“A Narrow Fellow in the Grass” is believed to have been written in 1865. A year later, it was published anonymously under the title “The Snake” in a journal called the Springfield Republican. The natural world is portrayed vividly throughout Dickinson’s work, and this poem closely examines one of nature’s most infamous creatures, the snake.
The poem begins with a description of the shock of encountering a snake. Although the poem’s speaker never actually uses the word “snake,” the scene is familiar enough for most readers to relate to it. The snake is almost magical as it moves, ghost-like, through the tall grass. The speaker sees only flashes of the snake’s scaly skin, but there is evidence of its presence as the grass separates in its wake.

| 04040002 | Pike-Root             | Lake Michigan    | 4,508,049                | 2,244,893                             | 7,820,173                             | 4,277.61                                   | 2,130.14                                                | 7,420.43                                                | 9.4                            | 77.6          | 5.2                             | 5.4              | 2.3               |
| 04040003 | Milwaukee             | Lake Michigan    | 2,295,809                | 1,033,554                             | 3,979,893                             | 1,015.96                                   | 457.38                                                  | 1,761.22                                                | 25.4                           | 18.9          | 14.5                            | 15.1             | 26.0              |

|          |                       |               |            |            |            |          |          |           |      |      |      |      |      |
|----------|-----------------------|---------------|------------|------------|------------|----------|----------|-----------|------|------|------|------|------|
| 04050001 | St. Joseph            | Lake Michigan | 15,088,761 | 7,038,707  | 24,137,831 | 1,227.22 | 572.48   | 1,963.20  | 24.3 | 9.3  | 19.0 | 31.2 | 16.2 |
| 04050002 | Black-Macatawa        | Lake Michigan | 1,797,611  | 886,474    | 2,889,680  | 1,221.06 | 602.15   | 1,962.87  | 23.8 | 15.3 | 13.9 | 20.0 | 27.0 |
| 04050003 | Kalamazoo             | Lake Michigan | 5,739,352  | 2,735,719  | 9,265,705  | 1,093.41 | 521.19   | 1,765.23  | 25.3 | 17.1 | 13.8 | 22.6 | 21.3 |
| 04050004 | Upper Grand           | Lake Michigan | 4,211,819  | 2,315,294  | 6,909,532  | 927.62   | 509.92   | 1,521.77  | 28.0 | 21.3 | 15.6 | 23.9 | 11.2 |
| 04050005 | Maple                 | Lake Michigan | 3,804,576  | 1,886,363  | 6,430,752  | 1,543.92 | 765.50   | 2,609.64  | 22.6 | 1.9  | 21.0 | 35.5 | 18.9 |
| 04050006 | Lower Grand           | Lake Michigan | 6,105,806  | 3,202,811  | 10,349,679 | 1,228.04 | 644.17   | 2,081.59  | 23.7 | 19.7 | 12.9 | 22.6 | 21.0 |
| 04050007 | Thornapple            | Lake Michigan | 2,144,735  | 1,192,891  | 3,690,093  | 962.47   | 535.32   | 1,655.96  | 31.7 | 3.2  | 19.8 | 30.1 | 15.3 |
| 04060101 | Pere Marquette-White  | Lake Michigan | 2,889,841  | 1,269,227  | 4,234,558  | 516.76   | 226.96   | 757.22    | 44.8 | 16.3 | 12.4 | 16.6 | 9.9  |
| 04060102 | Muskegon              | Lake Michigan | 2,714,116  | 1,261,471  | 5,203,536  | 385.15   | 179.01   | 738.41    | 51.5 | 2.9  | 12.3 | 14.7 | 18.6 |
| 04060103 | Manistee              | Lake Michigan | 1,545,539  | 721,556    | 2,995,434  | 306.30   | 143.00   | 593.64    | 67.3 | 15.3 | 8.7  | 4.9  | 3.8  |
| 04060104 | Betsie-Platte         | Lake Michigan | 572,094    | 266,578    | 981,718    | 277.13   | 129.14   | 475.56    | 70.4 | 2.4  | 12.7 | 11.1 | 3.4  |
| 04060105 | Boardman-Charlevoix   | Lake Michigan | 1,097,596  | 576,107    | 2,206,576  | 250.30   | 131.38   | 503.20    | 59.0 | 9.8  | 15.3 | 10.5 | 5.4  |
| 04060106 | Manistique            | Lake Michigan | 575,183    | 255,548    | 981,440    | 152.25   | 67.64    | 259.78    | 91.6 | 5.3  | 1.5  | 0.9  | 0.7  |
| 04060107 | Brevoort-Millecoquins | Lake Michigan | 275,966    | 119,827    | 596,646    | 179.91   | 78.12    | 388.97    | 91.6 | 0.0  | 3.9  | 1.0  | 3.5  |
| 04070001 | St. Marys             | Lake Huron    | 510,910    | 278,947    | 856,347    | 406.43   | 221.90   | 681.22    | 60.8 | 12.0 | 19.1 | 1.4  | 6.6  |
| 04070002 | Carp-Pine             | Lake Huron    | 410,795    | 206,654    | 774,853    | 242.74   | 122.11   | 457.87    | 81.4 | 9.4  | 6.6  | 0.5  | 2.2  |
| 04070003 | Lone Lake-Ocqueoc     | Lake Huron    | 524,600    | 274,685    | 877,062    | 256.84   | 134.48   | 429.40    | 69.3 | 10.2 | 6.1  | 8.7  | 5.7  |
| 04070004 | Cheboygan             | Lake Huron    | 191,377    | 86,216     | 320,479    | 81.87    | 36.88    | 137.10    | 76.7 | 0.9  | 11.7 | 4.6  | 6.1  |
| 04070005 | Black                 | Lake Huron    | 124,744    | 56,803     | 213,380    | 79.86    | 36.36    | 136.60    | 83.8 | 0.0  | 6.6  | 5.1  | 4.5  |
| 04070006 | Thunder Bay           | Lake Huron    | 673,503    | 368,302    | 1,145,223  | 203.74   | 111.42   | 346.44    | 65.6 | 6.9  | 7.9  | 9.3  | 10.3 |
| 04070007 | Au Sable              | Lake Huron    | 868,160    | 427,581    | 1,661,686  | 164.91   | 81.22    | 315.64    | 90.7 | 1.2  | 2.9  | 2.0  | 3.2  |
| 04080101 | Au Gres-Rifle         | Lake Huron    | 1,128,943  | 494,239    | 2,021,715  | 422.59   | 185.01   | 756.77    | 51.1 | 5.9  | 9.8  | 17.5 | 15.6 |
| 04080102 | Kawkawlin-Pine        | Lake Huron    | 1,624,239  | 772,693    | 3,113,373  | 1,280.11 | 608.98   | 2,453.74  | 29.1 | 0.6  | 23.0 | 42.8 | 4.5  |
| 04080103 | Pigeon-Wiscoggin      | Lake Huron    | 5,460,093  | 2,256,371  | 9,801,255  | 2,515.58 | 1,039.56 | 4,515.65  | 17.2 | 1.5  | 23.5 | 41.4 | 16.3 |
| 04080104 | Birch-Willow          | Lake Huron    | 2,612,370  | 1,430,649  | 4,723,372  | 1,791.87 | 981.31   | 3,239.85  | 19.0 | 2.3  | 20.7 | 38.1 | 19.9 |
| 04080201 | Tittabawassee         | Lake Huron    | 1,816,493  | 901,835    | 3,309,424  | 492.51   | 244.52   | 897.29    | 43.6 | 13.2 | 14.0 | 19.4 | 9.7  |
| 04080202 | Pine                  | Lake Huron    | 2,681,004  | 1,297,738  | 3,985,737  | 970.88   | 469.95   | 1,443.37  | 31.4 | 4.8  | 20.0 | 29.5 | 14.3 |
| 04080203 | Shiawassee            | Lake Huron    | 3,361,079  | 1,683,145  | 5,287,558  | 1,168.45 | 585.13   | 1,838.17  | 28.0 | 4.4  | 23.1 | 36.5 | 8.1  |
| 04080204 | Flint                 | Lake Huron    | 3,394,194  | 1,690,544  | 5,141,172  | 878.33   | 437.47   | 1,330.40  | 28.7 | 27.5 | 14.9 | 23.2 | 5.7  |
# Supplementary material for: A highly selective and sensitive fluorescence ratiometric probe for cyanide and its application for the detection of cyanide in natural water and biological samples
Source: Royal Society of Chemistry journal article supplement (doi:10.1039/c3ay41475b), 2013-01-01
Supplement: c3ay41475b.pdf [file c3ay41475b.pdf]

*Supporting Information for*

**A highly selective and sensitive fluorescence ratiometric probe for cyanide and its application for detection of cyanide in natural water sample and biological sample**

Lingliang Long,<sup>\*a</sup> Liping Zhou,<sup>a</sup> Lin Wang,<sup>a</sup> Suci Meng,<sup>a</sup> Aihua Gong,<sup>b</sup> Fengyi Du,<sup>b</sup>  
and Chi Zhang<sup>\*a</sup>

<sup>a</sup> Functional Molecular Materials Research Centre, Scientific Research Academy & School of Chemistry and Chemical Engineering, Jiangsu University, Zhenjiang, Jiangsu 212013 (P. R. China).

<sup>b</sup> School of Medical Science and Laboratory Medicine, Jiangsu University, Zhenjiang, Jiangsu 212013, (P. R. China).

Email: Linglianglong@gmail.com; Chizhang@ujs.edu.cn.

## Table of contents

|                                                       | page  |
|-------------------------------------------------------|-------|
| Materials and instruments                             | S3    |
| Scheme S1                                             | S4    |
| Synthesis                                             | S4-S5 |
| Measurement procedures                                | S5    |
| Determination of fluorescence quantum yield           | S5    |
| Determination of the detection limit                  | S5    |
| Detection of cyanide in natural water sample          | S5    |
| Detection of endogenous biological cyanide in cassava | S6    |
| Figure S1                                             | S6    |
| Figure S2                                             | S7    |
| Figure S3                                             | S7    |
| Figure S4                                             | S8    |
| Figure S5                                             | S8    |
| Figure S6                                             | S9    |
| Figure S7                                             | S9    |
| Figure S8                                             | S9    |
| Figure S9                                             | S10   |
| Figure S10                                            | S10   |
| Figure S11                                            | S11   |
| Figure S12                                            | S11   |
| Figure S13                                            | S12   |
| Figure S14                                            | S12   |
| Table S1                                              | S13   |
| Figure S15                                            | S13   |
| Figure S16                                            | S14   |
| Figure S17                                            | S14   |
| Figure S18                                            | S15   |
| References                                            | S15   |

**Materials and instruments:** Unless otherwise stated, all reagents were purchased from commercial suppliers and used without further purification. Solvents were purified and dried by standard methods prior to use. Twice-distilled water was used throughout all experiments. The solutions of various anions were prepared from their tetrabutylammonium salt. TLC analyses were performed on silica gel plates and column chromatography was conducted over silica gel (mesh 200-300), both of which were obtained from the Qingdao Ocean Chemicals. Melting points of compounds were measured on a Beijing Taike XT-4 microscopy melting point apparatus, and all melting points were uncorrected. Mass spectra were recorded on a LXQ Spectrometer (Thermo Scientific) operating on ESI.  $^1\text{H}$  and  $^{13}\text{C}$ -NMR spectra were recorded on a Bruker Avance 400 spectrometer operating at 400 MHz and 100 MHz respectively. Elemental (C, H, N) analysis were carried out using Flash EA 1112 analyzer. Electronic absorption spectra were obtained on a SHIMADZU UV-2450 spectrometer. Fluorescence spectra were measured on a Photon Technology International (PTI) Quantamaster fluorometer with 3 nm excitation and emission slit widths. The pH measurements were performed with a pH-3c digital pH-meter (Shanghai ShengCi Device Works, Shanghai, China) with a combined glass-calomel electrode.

The poem goes on to illustrate how snakes can be deceptive. The word “barefoot” makes the speaker seem even more vulnerable to the serpent’s potential threat. Mistaking a snake for the lash of a whip on the ground, the speaker reaches down to grab it and is startled to see it slither away.
The snake, one of the most notorious creatures in the natural world, has long been a symbol of treachery. Although the poem’s speaker claims to be a lover of nature, it seems that the snake, while fascinating, is impossible to love. In fact, the speaker reacts to the snake as if it were a living manifestation of the terror of the unknown, for it is both startling and chilling.